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We all have moments of narcissism now and again--times when we hold our own needs above those of other people. Narcissistic personality disorder is a far more pervasive and destructive condition: a distorted sense of self-importance fed by the active exploitation of other people. As a clinically defined personality disorder, narcissism causes considerable problems in the patient's home and personal life, leading him unable to function as an adult over the long term. Though clinical narcissists can be extremely charming and persuasive when they need to be, their condition prevents them from achieving any stability in their lives.
The essence of narcissistic personality disorder is an overpowering sense of self-importance: a belief that the patient is inherently superior to other people. He exaggerates his accomplishments, invests his activities with profound meaning, and often evinces a haughty or arrogant attitude.
Accompanying that grandiosity is an inability to empathize with other people. Narcissists are often very charismatic and can make people around them feel special and desired. They do that in order to leverage what they want out of them: validation, respect, and favors they aren't entitled to. When people question this behavior or challenge the narcissist, he devalues them and casts them aside, only to soon find new "friends" to exploit. Narcissists have a very hard time empathizing with others or acknowledging their needs: they themselves are the only ones who really matter in their lives.
Disconnect From Reality
Narcissists tend to fantasize about their own achievements: being consumed with visions of extraordinary success or inhuman attractiveness. They speak of grand accomplishments which they haven't succeeded at yet, or brilliant work which they are constantly in the process of creating yet never find the time to finish. This fantasy life helps explain their proclivity for exploiting others: the more people they can convince of their own importance, the more that importance feels real, regardless of what the facts say. To that end, narcissists lie extremely readily, and have a knack for wrapping their lies in just enough truth to convince others of their veracity. Indeed, they often believe their own lies, which allows them to deliver their distortions with persuasive conviction.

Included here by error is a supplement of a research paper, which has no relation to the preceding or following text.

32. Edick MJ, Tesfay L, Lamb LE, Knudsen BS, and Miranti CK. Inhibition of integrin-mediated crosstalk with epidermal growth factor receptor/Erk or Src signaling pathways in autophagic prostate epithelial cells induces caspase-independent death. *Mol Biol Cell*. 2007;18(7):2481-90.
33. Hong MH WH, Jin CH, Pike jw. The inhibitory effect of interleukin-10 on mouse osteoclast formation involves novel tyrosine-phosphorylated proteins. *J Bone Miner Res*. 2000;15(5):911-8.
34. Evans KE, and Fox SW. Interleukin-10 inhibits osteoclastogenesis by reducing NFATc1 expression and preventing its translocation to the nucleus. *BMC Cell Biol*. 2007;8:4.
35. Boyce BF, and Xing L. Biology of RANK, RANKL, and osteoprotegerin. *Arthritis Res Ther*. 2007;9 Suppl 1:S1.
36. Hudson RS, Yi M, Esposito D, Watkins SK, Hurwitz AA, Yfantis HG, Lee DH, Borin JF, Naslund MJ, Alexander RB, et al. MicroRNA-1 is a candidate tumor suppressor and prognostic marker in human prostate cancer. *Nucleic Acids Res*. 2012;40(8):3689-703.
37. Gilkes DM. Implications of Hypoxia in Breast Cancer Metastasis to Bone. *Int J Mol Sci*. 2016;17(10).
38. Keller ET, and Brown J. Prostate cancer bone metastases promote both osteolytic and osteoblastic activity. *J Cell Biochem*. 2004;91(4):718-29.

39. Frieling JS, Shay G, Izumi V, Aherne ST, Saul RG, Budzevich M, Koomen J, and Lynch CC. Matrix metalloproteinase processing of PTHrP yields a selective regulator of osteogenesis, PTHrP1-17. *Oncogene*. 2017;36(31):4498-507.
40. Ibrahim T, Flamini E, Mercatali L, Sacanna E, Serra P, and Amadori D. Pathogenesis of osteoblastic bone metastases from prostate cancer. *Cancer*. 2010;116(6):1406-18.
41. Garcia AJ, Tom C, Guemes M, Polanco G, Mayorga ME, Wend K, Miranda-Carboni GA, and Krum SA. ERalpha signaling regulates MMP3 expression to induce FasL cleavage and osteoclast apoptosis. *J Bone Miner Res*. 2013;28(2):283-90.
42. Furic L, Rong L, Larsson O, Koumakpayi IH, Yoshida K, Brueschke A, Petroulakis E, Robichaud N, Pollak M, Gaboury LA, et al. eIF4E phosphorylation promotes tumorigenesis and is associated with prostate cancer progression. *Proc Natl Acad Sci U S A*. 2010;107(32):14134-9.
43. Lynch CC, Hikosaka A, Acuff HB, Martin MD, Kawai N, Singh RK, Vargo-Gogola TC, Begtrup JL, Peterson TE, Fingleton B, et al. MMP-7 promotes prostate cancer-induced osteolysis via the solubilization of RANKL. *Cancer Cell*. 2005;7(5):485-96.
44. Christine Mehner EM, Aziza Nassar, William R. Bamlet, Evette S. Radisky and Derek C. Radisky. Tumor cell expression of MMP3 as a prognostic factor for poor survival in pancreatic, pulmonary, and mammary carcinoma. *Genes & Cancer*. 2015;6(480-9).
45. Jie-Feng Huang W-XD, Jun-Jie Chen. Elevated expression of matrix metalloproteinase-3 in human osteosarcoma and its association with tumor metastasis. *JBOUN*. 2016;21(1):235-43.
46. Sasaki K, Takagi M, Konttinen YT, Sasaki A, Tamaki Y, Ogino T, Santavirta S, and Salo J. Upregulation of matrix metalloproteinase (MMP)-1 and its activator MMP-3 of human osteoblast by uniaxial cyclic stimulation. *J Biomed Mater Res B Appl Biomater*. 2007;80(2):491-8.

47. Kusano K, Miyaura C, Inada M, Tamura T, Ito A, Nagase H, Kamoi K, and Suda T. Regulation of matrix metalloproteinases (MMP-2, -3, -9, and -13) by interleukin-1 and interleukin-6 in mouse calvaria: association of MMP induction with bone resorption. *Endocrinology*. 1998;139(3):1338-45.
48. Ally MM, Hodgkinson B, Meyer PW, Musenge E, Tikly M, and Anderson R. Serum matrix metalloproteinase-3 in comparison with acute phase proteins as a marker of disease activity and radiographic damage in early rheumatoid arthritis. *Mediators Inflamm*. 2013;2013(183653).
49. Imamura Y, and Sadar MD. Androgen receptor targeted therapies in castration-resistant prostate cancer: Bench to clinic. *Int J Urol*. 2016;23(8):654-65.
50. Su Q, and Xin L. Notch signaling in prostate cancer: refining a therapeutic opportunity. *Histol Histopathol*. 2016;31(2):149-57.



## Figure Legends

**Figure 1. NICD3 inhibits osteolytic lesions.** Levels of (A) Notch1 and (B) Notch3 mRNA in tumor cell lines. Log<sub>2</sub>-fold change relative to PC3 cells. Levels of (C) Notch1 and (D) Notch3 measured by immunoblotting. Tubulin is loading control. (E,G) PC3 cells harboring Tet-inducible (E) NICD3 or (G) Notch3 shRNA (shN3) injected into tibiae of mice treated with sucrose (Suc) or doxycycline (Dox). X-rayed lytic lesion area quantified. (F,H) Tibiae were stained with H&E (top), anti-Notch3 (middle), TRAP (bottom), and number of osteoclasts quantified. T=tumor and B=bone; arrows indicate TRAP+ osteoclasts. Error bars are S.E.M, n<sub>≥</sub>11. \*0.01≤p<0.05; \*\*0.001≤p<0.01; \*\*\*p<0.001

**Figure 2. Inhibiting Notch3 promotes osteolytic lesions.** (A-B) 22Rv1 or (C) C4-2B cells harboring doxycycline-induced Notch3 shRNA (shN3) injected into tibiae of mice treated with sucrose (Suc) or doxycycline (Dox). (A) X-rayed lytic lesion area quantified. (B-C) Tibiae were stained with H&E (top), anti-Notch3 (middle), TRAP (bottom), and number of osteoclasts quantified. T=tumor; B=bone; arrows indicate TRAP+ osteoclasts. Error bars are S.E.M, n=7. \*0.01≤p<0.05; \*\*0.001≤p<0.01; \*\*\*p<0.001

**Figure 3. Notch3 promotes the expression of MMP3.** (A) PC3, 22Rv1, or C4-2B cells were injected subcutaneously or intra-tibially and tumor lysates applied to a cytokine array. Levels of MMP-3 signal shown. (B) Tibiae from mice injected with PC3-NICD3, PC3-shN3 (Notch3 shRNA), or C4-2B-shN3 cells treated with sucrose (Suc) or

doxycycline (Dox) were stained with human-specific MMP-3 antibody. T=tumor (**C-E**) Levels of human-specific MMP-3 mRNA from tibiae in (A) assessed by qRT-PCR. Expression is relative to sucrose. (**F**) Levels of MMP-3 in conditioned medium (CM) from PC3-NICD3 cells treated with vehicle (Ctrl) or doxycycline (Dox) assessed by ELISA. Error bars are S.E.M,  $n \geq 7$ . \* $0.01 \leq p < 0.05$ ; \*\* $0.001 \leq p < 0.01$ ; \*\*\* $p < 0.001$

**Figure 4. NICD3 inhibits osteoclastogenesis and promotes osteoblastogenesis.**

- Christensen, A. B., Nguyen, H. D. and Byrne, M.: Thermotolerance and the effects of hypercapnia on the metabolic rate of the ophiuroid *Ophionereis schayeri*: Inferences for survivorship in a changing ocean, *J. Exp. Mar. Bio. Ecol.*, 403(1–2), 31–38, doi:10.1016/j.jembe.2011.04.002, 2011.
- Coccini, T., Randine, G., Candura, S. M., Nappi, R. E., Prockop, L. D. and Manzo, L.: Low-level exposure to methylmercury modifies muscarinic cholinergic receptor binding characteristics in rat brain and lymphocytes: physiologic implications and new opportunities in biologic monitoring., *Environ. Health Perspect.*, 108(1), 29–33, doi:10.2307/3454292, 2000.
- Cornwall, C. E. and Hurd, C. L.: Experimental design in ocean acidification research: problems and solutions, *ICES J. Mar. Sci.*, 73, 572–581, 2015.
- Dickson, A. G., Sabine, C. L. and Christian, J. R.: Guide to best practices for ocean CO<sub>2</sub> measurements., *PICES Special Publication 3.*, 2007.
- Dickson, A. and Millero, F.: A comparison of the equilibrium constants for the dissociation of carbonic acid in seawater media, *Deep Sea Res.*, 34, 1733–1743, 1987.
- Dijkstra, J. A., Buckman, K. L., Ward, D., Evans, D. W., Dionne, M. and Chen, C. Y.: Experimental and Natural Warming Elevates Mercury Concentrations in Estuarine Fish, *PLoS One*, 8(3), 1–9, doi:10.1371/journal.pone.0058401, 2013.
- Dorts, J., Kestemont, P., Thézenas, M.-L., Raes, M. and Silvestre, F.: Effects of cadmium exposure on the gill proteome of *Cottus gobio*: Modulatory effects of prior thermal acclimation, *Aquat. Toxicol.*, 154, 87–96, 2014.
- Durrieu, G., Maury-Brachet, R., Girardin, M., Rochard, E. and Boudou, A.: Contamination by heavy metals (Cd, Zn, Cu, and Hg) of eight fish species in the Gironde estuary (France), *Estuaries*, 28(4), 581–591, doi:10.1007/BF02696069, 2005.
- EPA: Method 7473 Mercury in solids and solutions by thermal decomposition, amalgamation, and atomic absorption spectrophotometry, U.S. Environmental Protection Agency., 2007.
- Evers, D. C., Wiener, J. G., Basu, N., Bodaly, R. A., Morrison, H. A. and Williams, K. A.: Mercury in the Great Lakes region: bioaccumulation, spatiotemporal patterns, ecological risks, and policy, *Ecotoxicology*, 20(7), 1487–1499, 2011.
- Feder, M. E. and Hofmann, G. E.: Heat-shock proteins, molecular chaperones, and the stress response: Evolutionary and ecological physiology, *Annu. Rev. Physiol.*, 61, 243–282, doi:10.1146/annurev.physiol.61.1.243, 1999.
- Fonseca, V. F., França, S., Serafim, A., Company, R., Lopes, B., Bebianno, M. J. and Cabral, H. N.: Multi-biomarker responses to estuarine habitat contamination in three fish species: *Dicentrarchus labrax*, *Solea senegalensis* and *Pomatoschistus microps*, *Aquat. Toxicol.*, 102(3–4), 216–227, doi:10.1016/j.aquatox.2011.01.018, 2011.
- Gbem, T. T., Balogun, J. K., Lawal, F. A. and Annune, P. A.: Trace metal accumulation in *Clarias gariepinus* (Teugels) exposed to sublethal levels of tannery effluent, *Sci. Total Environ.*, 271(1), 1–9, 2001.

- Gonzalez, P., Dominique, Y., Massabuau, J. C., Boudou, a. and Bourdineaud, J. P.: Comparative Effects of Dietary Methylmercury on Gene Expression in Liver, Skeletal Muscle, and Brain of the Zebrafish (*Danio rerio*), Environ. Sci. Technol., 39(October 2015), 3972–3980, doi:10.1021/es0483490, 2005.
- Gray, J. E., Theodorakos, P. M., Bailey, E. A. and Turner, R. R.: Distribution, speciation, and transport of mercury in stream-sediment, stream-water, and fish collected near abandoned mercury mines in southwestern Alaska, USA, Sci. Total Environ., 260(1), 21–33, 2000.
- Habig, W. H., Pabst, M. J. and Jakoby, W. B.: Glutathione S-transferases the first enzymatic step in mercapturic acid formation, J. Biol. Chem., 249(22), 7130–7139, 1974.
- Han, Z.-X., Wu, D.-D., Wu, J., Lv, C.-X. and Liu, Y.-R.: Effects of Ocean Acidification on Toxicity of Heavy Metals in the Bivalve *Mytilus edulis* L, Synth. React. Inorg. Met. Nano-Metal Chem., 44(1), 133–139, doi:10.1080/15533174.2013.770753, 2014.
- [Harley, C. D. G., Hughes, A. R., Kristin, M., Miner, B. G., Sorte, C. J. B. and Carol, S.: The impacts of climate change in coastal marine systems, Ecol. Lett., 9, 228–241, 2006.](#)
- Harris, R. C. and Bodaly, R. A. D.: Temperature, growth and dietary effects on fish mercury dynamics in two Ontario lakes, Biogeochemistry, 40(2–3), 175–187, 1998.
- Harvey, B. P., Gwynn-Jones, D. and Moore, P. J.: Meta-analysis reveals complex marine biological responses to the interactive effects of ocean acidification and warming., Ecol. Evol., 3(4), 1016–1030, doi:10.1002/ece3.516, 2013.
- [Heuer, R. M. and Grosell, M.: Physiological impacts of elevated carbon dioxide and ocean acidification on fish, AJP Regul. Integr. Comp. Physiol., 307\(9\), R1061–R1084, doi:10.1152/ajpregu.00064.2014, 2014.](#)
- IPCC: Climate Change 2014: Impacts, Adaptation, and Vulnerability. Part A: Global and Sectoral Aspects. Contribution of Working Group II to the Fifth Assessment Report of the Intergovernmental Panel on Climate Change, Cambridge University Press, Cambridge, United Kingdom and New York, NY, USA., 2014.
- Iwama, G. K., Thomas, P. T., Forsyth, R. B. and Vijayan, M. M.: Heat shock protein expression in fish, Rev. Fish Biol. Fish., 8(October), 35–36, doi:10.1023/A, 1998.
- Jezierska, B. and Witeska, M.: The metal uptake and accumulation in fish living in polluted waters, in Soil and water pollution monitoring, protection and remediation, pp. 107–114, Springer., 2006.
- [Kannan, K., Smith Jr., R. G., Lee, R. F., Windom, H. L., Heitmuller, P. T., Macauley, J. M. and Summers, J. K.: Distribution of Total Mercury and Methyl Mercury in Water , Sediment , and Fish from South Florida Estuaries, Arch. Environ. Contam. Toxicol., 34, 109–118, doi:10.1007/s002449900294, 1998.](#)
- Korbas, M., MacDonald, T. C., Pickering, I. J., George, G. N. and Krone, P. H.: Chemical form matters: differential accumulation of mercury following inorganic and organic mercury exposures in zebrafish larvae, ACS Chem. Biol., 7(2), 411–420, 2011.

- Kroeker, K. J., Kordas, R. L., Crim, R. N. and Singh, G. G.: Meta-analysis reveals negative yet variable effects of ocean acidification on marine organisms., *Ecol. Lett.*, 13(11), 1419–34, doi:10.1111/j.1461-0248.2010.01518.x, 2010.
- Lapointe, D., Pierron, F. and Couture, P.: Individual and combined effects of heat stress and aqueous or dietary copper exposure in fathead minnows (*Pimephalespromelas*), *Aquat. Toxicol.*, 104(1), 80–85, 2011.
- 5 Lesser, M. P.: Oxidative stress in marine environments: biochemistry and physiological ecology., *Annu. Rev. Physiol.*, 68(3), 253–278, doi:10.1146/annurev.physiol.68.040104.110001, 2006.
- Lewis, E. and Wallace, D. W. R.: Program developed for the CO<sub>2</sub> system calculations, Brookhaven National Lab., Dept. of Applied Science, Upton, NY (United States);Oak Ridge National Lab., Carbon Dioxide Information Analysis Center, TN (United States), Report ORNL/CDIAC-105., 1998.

As part of their self-importance, narcissists exhibit a distorted sense of entitlement, claiming numerous privileges which they haven't earned. They don't believe they need to wait their turn, bide their time or go through the channels that other people do. They may insist on having the best of everything and lose their tempers when they don't get it. Their work ethic often suffers under this delusion, since "special" people like them shouldn't need to apply themselves to accomplish their goals.
The irony of the condition is that, for all their professed self-confidence, narcissists actually possess an extremely fragile self-esteem. Their grandiosity is an act to hide the belief (often sub-conscious) that they are small, weak, or chronic failures. They often envy other people's accomplishments and, in keeping with their grandiosity, believe that other people are envious of them. They're easily hurt and may lash out at people in inappropriate ways--ironic, considering how casually they hurt others. This fragility often leads them into a profound sense of denial: narcissists rarely acknowledge their condition, and as such remain extremely difficult to treat.